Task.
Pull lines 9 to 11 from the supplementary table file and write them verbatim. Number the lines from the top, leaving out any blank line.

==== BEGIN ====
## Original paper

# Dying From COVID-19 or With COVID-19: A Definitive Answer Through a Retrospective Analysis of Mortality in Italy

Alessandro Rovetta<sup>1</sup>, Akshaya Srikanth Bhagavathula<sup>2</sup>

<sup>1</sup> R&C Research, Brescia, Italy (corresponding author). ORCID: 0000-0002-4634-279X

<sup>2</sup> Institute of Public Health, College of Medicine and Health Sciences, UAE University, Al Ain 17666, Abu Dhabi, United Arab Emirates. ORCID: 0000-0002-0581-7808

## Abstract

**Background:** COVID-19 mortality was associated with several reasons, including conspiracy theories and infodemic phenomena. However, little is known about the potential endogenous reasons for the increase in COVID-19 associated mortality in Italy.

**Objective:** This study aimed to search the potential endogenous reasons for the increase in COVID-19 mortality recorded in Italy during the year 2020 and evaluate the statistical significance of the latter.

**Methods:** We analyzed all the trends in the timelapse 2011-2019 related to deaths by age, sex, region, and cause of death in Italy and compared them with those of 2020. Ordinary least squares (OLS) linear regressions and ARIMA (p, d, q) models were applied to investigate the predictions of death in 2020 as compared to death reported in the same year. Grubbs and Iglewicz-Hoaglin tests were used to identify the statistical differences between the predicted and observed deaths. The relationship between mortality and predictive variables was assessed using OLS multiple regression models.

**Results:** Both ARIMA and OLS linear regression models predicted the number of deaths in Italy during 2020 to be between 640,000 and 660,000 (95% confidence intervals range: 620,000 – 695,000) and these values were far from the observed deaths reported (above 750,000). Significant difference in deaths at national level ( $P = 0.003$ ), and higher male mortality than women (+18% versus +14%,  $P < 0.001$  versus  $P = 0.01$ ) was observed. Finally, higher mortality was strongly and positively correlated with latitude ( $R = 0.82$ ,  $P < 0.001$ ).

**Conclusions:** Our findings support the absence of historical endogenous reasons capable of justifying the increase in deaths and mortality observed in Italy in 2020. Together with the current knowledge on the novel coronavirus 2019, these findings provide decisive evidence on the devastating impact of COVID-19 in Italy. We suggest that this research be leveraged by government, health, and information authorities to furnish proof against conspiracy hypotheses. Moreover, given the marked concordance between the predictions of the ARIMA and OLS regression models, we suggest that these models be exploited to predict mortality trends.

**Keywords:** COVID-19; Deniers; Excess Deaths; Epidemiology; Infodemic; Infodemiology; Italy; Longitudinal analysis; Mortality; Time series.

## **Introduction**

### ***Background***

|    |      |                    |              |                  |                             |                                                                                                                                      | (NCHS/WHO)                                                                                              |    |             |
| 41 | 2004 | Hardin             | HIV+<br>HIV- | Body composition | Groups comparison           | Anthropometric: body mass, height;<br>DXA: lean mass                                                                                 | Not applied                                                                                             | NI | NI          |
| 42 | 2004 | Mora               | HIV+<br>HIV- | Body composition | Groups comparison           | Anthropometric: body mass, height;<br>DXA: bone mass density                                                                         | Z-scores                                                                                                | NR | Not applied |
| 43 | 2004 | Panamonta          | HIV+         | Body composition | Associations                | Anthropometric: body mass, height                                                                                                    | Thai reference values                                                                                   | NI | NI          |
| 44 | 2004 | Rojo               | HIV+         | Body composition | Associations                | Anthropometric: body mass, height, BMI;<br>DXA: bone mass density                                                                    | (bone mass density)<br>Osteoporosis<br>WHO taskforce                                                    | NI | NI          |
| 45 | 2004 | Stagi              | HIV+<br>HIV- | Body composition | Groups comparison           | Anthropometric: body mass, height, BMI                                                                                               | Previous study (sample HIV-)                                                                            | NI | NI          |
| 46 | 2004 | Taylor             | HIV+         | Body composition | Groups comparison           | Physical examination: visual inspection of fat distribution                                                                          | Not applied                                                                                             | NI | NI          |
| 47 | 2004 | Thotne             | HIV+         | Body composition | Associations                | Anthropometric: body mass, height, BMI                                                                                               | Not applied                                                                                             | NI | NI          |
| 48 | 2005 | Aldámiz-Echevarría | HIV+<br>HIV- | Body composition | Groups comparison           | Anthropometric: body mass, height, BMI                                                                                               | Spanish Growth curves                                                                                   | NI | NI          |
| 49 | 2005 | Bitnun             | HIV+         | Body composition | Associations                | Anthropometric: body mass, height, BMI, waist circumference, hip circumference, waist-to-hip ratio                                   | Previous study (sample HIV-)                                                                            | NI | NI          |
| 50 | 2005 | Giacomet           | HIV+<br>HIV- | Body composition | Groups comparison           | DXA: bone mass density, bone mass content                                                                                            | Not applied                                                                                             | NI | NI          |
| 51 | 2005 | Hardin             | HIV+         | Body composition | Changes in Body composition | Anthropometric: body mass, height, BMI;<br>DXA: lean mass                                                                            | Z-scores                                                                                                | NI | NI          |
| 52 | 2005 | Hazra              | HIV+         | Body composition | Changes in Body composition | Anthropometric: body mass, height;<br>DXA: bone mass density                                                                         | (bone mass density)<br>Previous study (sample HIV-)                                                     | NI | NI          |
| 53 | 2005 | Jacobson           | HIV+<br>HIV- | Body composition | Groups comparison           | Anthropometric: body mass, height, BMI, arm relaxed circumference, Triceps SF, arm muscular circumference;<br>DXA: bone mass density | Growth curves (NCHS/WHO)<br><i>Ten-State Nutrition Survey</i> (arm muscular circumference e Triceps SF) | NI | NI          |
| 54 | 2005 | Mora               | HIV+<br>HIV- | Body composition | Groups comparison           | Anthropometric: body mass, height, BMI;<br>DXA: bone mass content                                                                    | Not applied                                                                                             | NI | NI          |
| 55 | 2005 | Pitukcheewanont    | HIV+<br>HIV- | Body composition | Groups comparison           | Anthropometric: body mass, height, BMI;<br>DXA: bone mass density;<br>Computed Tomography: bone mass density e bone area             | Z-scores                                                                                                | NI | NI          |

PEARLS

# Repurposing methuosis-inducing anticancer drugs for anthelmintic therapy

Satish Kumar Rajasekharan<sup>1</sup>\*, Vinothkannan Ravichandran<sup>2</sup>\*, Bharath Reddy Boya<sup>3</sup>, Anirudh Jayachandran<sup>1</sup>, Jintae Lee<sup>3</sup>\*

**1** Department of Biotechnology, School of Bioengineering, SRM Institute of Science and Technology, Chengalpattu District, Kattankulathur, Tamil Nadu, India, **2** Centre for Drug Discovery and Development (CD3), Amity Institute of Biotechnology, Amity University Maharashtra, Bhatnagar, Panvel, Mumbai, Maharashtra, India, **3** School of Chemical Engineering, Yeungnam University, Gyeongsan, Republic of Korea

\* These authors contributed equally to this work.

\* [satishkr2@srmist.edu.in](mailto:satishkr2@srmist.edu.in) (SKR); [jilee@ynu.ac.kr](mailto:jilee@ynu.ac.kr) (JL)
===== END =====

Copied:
**Methods:** We analyzed all the trends in the timelapse 2011-2019 related to deaths by age, sex, region, and cause of death in Italy and compared them with those of 2020. Ordinary least squares (OLS) linear regressions and ARIMA (p, d, q) models were applied to investigate the predictions of death in 2020 as compared to death reported in the same year. Grubbs and Iglewicz-Hoaglin tests were used to identify the statistical differences between the predicted and observed deaths. The relationship between mortality and predictive variables was assessed using OLS multiple regression models.

**Results:** Both ARIMA and OLS linear regression models predicted the number of deaths in Italy during 2020 to be between 640,000 and 660,000 (95% confidence intervals range: 620,000 – 695,000) and these values were far from the observed deaths reported (above 750,000). Significant difference in deaths at national level ( $P = 0.003$ ), and higher male mortality than women (+18% versus +14%,  $P < 0.001$  versus  $P = 0.01$ ) was observed. Finally, higher mortality was strongly and positively correlated with latitude ( $R = 0.82$ ,  $P < 0.001$ ).

**Conclusions:** Our findings support the absence of historical endogenous reasons capable of justifying the increase in deaths and mortality observed in Italy in 2020. Together with the current knowledge on the novel coronavirus 2019, these findings provide decisive evidence on the devastating impact of COVID-19 in Italy. We suggest that this research be leveraged by government, health, and information authorities to furnish proof against conspiracy hypotheses. Moreover, given the marked concordance between the predictions of the ARIMA and OLS regression models, we suggest that these models be exploited to predict mortality trends.